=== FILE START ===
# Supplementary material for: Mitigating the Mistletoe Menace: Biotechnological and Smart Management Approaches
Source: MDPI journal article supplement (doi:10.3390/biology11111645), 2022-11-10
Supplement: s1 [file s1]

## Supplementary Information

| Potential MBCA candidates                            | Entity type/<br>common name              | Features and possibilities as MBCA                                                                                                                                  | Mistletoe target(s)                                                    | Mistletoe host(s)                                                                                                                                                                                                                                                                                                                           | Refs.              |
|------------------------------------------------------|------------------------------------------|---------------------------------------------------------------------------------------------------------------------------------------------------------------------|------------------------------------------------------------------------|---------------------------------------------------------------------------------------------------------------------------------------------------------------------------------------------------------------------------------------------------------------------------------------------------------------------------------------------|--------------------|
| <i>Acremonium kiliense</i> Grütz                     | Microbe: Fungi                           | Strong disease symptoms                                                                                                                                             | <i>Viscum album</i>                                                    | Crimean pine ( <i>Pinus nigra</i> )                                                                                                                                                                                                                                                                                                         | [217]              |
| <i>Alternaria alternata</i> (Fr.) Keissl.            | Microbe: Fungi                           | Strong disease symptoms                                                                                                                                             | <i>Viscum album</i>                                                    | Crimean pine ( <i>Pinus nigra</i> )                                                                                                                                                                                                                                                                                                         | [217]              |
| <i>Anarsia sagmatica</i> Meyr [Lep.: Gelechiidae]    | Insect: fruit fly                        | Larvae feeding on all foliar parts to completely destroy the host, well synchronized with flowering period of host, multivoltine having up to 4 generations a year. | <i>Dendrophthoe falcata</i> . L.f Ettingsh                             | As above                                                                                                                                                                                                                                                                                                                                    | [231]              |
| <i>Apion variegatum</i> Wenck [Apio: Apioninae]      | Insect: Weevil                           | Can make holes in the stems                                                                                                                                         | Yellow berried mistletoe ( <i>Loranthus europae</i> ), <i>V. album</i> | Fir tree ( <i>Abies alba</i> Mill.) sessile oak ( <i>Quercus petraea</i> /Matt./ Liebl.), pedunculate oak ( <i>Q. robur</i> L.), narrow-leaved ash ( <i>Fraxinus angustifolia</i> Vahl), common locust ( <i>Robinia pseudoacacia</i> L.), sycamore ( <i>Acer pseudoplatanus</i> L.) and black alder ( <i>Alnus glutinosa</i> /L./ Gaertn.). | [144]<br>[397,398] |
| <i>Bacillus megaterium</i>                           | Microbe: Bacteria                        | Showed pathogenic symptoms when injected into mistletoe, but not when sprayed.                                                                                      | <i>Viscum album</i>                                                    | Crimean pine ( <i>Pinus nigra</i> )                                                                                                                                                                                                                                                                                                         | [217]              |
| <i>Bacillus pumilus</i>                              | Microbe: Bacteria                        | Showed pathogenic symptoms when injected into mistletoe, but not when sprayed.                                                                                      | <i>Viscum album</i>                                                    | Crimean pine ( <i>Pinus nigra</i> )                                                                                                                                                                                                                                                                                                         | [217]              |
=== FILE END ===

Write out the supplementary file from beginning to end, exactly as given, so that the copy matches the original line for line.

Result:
# Supplementary material for: Mitigating the Mistletoe Menace: Biotechnological and Smart Management Approaches
Source: MDPI journal article supplement (doi:10.3390/biology11111645), 2022-11-10
Supplement: s1 [file s1]

## Supplementary Information

| Potential MBCA candidates                            | Entity type/<br>common name              | Features and possibilities as MBCA                                                                                                                                  | Mistletoe target(s)                                                    | Mistletoe host(s)                                                                                                                                                                                                                                                                                                                           | Refs.              |
|------------------------------------------------------|------------------------------------------|---------------------------------------------------------------------------------------------------------------------------------------------------------------------|------------------------------------------------------------------------|---------------------------------------------------------------------------------------------------------------------------------------------------------------------------------------------------------------------------------------------------------------------------------------------------------------------------------------------|--------------------|
| <i>Acremonium kiliense</i> Grütz                     | Microbe: Fungi                           | Strong disease symptoms                                                                                                                                             | <i>Viscum album</i>                                                    | Crimean pine ( <i>Pinus nigra</i> )                                                                                                                                                                                                                                                                                                         | [217]              |
| <i>Alternaria alternata</i> (Fr.) Keissl.            | Microbe: Fungi                           | Strong disease symptoms                                                                                                                                             | <i>Viscum album</i>                                                    | Crimean pine ( <i>Pinus nigra</i> )                                                                                                                                                                                                                                                                                                         | [217]              |
| <i>Anarsia sagmatica</i> Meyr [Lep.: Gelechiidae]    | Insect: fruit fly                        | Larvae feeding on all foliar parts to completely destroy the host, well synchronized with flowering period of host, multivoltine having up to 4 generations a year. | <i>Dendrophthoe falcata</i> . L.f Ettingsh                             | As above                                                                                                                                                                                                                                                                                                                                    | [231]              |
| <i>Apion variegatum</i> Wenck [Apio: Apioninae]      | Insect: Weevil                           | Can make holes in the stems                                                                                                                                         | Yellow berried mistletoe ( <i>Loranthus europae</i> ), <i>V. album</i> | Fir tree ( <i>Abies alba</i> Mill.) sessile oak ( <i>Quercus petraea</i> /Matt./ Liebl.), pedunculate oak ( <i>Q. robur</i> L.), narrow-leaved ash ( <i>Fraxinus angustifolia</i> Vahl), common locust ( <i>Robinia pseudoacacia</i> L.), sycamore ( <i>Acer pseudoplatanus</i> L.) and black alder ( <i>Alnus glutinosa</i> /L./ Gaertn.). | [144]<br>[397,398] |
| <i>Bacillus megaterium</i>                           | Microbe: Bacteria                        | Showed pathogenic symptoms when injected into mistletoe, but not when sprayed.                                                                                      | <i>Viscum album</i>                                                    | Crimean pine ( <i>Pinus nigra</i> )                                                                                                                                                                                                                                                                                                         | [217]              |
| <i>Bacillus pumilus</i>                              | Microbe: Bacteria                        | Showed pathogenic symptoms when injected into mistletoe, but not when sprayed.                                                                                      | <i>Viscum album</i>                                                    | Crimean pine ( <i>Pinus nigra</i> )                                                                                                                                                                                                                                                                                                         | [217]              |